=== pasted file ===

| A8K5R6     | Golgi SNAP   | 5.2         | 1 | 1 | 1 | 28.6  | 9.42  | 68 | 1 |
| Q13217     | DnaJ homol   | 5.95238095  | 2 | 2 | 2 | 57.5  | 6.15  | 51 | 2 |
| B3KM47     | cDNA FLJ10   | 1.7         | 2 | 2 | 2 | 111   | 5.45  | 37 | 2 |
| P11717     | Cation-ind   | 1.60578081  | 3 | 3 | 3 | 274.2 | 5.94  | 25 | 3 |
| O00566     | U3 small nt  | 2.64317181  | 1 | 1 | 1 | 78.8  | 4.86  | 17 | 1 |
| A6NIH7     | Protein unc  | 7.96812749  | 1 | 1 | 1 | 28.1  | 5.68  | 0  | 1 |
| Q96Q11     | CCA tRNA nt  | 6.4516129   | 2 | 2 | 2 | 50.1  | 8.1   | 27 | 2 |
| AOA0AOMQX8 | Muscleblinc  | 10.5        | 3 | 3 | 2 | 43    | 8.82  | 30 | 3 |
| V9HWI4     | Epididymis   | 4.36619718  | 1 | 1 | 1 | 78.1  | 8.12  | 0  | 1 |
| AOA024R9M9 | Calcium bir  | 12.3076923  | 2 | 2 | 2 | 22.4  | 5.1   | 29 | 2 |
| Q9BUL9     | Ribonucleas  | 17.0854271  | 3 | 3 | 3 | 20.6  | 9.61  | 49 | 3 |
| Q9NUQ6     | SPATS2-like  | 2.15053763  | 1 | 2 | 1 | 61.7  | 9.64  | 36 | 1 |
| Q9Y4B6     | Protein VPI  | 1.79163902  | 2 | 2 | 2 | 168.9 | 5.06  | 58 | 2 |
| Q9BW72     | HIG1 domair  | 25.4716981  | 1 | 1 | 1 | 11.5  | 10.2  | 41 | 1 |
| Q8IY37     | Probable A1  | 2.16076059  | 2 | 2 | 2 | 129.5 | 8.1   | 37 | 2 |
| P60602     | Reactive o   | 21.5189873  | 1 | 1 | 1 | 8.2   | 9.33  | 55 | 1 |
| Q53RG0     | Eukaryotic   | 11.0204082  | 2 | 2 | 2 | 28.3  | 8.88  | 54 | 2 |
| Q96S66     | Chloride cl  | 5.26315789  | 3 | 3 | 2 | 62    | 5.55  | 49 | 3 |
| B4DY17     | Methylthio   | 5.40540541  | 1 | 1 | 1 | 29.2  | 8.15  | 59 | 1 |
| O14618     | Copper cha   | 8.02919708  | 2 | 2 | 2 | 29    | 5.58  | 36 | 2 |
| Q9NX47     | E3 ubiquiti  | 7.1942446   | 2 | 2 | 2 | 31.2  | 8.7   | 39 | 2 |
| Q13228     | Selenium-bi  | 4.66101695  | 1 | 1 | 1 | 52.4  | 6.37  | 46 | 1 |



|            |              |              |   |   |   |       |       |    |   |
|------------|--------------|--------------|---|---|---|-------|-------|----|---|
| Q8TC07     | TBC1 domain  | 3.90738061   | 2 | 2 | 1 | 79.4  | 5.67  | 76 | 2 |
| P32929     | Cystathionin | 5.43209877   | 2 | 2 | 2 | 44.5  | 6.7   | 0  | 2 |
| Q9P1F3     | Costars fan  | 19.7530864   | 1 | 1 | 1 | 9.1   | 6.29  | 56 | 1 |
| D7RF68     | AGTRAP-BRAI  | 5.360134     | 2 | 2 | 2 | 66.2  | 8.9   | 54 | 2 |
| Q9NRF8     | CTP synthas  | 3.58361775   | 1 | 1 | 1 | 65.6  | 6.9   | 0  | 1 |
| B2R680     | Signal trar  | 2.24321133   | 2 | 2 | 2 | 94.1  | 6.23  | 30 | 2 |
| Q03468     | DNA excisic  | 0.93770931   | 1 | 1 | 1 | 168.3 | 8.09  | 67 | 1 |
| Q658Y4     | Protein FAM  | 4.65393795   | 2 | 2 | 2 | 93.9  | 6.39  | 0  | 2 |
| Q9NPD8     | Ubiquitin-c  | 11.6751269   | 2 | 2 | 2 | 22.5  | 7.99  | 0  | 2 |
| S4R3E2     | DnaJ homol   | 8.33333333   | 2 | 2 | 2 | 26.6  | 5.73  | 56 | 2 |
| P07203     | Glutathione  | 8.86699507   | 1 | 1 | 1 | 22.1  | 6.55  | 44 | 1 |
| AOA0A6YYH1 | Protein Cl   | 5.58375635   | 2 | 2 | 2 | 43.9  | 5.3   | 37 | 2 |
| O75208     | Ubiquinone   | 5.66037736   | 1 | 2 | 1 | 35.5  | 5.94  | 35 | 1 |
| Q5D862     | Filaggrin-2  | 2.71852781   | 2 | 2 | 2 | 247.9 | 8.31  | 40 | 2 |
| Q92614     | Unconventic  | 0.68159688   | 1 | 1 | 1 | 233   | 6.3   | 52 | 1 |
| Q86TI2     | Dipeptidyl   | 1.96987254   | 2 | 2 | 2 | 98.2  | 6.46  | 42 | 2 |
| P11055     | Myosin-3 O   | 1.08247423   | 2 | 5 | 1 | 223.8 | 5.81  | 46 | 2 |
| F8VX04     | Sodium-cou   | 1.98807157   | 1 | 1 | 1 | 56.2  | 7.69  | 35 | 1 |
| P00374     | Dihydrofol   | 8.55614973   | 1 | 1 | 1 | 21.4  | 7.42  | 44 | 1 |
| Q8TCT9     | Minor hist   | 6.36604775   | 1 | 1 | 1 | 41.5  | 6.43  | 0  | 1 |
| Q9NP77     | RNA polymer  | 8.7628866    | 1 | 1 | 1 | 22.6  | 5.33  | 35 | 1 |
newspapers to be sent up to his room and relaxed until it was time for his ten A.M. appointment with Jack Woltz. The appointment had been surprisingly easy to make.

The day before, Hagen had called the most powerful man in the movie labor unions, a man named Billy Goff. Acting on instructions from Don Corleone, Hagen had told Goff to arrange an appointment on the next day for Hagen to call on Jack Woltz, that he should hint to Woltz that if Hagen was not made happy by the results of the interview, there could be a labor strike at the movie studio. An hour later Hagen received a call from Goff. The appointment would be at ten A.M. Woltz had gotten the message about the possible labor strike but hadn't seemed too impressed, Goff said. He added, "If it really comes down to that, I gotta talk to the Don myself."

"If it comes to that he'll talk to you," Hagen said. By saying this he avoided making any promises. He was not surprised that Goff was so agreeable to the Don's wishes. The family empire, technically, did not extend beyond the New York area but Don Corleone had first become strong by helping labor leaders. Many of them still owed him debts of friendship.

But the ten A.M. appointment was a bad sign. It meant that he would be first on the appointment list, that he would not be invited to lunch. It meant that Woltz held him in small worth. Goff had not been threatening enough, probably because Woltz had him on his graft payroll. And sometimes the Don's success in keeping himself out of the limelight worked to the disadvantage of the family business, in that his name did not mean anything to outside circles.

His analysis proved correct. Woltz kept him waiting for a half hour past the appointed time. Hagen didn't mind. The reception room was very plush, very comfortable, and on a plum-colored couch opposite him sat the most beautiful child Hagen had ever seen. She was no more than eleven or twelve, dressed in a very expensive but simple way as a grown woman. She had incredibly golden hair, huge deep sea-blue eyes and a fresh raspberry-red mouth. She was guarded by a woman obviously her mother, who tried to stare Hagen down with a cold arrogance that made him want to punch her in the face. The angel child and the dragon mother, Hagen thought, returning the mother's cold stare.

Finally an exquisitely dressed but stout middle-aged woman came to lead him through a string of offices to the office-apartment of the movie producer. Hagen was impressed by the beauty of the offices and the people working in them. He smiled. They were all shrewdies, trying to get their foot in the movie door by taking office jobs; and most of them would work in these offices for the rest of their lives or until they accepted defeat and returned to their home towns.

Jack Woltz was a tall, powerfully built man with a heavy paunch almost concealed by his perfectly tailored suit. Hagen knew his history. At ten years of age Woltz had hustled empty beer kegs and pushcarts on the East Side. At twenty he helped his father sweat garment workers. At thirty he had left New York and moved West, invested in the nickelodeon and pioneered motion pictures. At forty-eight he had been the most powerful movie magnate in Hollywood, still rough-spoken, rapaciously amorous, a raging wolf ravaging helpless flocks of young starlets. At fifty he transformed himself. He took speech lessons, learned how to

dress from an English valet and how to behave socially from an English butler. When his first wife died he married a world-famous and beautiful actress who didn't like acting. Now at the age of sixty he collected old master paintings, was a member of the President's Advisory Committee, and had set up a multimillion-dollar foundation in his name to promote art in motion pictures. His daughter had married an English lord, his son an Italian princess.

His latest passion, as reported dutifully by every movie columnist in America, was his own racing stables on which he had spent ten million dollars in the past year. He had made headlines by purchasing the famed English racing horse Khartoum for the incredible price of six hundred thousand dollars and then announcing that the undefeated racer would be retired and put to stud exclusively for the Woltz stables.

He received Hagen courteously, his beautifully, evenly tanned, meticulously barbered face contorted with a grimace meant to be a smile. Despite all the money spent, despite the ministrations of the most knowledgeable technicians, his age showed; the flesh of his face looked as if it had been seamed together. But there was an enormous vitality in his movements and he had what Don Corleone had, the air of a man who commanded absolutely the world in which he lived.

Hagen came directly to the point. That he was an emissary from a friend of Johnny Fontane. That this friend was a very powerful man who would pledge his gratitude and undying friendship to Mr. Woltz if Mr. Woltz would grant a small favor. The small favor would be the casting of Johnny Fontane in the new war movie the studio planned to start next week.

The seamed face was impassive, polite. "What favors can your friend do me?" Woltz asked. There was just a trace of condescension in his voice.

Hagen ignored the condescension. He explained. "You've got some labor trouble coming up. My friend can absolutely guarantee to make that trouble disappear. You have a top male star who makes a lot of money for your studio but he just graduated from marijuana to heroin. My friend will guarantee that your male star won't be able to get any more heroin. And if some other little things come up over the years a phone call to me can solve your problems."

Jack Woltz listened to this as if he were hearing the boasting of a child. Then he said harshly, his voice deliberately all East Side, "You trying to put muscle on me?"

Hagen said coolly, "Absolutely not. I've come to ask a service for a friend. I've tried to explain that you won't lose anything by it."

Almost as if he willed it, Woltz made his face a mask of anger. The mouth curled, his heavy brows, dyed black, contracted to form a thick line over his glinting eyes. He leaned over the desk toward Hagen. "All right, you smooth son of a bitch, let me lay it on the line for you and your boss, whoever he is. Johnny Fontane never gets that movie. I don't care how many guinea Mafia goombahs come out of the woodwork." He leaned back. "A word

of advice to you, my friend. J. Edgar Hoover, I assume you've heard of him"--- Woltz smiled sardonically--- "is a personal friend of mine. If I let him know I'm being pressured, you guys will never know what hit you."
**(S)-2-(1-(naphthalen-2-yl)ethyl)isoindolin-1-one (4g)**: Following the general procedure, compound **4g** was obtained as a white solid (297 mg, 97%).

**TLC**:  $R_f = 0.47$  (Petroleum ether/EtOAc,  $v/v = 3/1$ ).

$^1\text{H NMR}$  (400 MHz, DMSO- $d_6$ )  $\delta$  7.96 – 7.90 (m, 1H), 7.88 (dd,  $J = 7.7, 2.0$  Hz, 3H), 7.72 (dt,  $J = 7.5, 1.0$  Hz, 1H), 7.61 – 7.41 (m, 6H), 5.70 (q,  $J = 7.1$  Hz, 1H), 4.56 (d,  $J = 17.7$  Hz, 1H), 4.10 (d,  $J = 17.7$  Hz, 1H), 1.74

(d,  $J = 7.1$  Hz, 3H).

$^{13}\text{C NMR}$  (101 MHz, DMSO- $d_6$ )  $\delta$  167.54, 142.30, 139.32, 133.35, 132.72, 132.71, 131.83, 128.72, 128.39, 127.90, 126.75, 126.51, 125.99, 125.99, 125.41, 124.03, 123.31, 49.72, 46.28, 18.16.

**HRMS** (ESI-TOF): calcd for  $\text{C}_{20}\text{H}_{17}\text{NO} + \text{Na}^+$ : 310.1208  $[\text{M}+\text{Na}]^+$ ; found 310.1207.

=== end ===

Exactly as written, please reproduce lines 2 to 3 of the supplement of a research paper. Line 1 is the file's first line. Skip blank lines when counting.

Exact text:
| Q13217     | DnaJ homol   | 5.95238095  | 2 | 2 | 2 | 57.5  | 6.15  | 51 | 2 |
| B3KM47     | cDNA FLJ10   | 1.7         | 2 | 2 | 2 | 111   | 5.45  | 37 | 2 |